Spitfire Manual 1940
by Dilip Sarkar (Editor)
The quote below is from the “Forget-Me-Nots for Fighters” reproduced here, one of the many instructional booklets and manuals for pilots of the famous Supermarine Spitfire of which this entire book consists. The following is therefore not so much a “review” of the contents but a description of the book, the topic, and the author/editor.
The book, replete with a period-correct faux linen cover (soon to be dog-eared, for that authentic time-worn look), contains facsimiles of eight original Air Ministry-issue materials. Each of these is introduced with remarks by the editor explaining their purpose, use, design etc.
“DON’T ‘beat up’ the aerodrome on your return, however pleased you are with yourself. It is bad manners, and some of those aerodrome defence chaps might take it the wrong way.”
The first and longest item, Pilot’s Notes (for IIA and IIB Spits with Merlin XII engines), covers the actual operation of the aircraft. This is followed by a Pilot’s Flying Log (Form 414) belonging to none other than the RAF’s top-scoring fighter pilot in World War Two, then Wing Commander and later Air Vice-Marshal Johnnie Johnson. Several of the Pilot’s Personal Combat Reports (Form F) are also his. Next is shown one Aircraft Movement Card (Form 78) whose purpose was to log the whereabouts and physical status of the plane. Following the already mentioned “Forget-Me-Nots” are General Notes on Air Gunnery and Air Fighting, the cartoon- and diagram-laden treatise Bag the Hun! (just what you think it is: air to air combat), and an aircraft spotting guide.
Born in 1961, Sarkar was 8 years old when he saw his first Spit. Inspired by that, the Battle of Britain movie, and first and foremost a neighbor, he made understanding the war a lasting theme in his life, pursuing it to the extent that other professional obligations allowed it. Over time he has become a veritable fixture in the Spitfire world. Since the 1970s he has interviewed more Battle of Britain pilots than any other historian and published over twenty books on this and related subjects. In 1986 he co-founded the Malvern Spitfire Team, and from 1992–2002 owned Ramrod Publications which published many of his and other books. No wonder then that he was made an MBE (2003) for services to aviation history and elected to a Fellowship of the Royal Historical Society (2006).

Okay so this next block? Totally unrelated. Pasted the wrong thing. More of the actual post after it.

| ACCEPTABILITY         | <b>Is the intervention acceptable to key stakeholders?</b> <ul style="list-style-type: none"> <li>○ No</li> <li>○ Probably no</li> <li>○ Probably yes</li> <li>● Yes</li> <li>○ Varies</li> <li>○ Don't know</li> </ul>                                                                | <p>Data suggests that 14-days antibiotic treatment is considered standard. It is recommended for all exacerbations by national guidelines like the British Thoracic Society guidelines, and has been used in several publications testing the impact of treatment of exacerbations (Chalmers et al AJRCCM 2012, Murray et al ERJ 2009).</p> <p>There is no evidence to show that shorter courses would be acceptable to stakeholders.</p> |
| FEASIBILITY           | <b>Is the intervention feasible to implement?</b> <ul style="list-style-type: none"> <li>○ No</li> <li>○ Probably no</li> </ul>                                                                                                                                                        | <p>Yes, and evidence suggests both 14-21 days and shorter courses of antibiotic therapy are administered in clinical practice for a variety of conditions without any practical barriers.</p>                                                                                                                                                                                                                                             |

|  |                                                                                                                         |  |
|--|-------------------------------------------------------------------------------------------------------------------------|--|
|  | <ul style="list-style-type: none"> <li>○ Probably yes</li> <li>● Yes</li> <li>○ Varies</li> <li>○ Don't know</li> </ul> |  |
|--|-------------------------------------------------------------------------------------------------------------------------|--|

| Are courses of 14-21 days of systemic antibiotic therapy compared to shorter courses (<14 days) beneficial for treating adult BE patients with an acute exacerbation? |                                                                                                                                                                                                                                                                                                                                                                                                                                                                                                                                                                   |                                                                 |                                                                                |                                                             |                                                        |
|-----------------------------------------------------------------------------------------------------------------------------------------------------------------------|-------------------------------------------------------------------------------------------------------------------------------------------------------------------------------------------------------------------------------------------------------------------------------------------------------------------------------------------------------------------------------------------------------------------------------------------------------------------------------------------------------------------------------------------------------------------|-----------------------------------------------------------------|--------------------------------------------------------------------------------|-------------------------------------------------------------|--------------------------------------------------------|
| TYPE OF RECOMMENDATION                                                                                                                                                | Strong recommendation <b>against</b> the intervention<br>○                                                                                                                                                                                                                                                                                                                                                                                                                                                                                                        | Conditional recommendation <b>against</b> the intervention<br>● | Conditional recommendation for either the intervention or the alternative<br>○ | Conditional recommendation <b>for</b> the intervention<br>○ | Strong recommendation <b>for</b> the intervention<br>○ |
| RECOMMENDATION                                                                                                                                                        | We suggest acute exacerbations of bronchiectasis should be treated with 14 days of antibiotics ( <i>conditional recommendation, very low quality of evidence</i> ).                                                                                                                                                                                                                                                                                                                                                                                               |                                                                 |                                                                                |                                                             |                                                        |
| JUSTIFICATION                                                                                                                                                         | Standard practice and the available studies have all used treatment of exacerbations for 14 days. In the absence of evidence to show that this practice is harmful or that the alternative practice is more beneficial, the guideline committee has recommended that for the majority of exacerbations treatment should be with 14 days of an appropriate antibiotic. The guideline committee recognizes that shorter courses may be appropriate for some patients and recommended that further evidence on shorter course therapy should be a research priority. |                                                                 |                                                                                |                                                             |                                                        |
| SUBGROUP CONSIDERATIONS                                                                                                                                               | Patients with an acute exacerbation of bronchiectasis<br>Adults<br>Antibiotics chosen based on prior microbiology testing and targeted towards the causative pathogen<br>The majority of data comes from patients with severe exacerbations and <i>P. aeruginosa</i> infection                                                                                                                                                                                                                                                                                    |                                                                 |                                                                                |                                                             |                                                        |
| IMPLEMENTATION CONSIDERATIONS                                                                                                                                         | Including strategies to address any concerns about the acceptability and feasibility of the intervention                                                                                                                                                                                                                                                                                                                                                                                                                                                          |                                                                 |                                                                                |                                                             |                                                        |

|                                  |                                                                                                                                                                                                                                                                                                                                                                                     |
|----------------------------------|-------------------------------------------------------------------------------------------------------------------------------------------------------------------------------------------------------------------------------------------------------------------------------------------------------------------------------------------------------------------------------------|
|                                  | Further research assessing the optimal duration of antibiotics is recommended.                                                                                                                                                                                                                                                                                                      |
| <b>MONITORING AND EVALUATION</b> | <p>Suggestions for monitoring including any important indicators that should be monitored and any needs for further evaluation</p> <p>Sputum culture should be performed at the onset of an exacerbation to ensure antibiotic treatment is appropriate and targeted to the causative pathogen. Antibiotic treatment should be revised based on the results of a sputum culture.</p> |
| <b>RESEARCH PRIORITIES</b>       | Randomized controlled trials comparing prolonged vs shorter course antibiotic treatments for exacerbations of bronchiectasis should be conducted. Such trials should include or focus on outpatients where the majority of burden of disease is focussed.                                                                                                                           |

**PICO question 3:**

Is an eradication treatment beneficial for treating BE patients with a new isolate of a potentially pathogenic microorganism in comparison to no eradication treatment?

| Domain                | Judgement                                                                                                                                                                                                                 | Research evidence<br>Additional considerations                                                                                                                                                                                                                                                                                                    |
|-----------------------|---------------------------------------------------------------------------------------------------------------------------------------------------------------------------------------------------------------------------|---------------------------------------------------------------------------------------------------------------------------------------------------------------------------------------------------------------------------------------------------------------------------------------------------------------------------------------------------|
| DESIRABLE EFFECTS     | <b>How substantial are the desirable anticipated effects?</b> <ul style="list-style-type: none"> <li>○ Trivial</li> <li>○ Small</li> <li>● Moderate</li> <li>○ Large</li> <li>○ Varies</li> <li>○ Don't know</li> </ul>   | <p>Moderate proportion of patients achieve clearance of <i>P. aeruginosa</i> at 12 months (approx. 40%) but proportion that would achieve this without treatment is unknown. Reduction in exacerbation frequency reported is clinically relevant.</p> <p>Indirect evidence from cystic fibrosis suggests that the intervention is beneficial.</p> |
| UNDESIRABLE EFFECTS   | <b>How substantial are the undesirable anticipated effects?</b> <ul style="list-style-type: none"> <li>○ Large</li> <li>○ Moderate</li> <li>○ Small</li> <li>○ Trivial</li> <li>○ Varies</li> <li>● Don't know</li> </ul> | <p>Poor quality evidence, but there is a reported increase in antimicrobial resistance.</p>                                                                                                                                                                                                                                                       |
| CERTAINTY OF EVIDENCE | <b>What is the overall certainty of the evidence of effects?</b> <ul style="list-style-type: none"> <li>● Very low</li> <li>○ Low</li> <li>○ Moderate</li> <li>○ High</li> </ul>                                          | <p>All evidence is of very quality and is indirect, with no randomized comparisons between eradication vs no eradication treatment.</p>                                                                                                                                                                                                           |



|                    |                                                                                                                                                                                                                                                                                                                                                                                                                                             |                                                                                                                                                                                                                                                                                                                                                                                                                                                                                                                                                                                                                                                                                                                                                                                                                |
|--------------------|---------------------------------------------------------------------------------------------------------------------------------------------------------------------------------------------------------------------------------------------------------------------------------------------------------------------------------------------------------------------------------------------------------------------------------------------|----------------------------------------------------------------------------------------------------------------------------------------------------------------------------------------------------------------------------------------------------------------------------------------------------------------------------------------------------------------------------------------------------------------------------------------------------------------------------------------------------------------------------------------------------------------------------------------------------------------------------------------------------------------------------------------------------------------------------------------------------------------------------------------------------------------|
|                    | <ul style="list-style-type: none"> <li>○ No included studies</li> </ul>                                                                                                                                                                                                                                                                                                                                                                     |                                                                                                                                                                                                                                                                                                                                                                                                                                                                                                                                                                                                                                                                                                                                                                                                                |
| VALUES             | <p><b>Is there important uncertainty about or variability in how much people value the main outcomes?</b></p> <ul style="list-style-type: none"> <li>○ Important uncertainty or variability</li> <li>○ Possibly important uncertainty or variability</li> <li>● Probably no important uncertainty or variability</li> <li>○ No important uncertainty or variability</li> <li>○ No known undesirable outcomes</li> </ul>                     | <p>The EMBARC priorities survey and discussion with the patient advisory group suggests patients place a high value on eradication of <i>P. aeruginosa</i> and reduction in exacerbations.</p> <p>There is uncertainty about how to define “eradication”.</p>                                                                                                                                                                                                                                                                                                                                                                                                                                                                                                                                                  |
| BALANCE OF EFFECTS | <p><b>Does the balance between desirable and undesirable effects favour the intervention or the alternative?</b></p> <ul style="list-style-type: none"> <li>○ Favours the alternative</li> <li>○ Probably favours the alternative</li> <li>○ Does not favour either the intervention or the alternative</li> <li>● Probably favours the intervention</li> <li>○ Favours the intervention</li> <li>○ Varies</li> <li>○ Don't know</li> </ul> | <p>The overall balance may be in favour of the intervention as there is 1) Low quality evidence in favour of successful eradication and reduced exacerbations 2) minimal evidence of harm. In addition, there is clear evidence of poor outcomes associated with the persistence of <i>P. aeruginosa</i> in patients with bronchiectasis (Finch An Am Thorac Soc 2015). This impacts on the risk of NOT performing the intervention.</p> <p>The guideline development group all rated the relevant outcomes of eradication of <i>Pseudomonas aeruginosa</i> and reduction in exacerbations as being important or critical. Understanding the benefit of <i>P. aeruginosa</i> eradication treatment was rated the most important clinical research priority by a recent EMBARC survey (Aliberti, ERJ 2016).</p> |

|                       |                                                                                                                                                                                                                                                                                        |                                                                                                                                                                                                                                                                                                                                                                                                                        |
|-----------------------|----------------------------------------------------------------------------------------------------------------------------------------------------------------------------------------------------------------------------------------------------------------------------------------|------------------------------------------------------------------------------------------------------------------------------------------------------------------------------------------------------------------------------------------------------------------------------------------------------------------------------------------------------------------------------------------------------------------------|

Before going into the next paragraph it might be useful to point out that Sarkar is not only an expert aviation historian but also a retired police detective and thus used to sleuthing. (The late Dr. Gordon Mitchell, son of Spitfire designer Reginald Joseph Mitchell, used to call Sarkar an “aviation detective”.)
The year this book is published, 2010, is the 70th anniversary of the Battle of Britain. In the 30-page Introduction Sarkar recaps key aspects of it and the planning and execution of the air war in general as they relate to the Sptifire topic. A good deal of the narrative is in the form of excerpts from interviews with flight personnel. A recurring theme is the Hurricane vs. Spitfire debate. It was long held that the Hurricane, which was introduced earlier and in larger numbers, “won” the Battle of Britain by inflicting greater damage on the enemy than all other defenses combined. Sarkar and others have argued against this, basing their arguments on analyses of damage assessments, casualty records, and pilot reports. This remains a controversial issue but Sarkar is so confident in the validity of his argument that he goes so far as to call the Hurricane “markedly inferior to the Spitfire” and that, based on objective parameters, the BoB could have been won by Spitfires, but not by Hurricanes, alone. Another position he takes is contrarian no longer but presently still the exception rather than the rule: a positive assessment of Air Chief Marshal Hugh Dowding.
Sarkar is used to sticking to his guns. It was his research (1995) that revealed that Wing Commander Douglas Bader (d. 1982) was shot down by friendly fire from another Spitfire. Out of courtesy to the other pilot, who was still alive at the time, Sarkar didn’t make this story public until he published Spitfire! Courage and Sacrifice in 2006 (Victory Books, also founded by him. ISBN-13: 978-0955043161).
Sarkar is currently pursuing a PhD at the University of Birmingham’s new Centre for Air Power Studies. He now writes exclusively for the publisher of this book, Amberley, and is already commissioned to do several more. They will surely advance the body of knowledge further still.
Copyright 2010, Sabu Advani (speedreaders.info)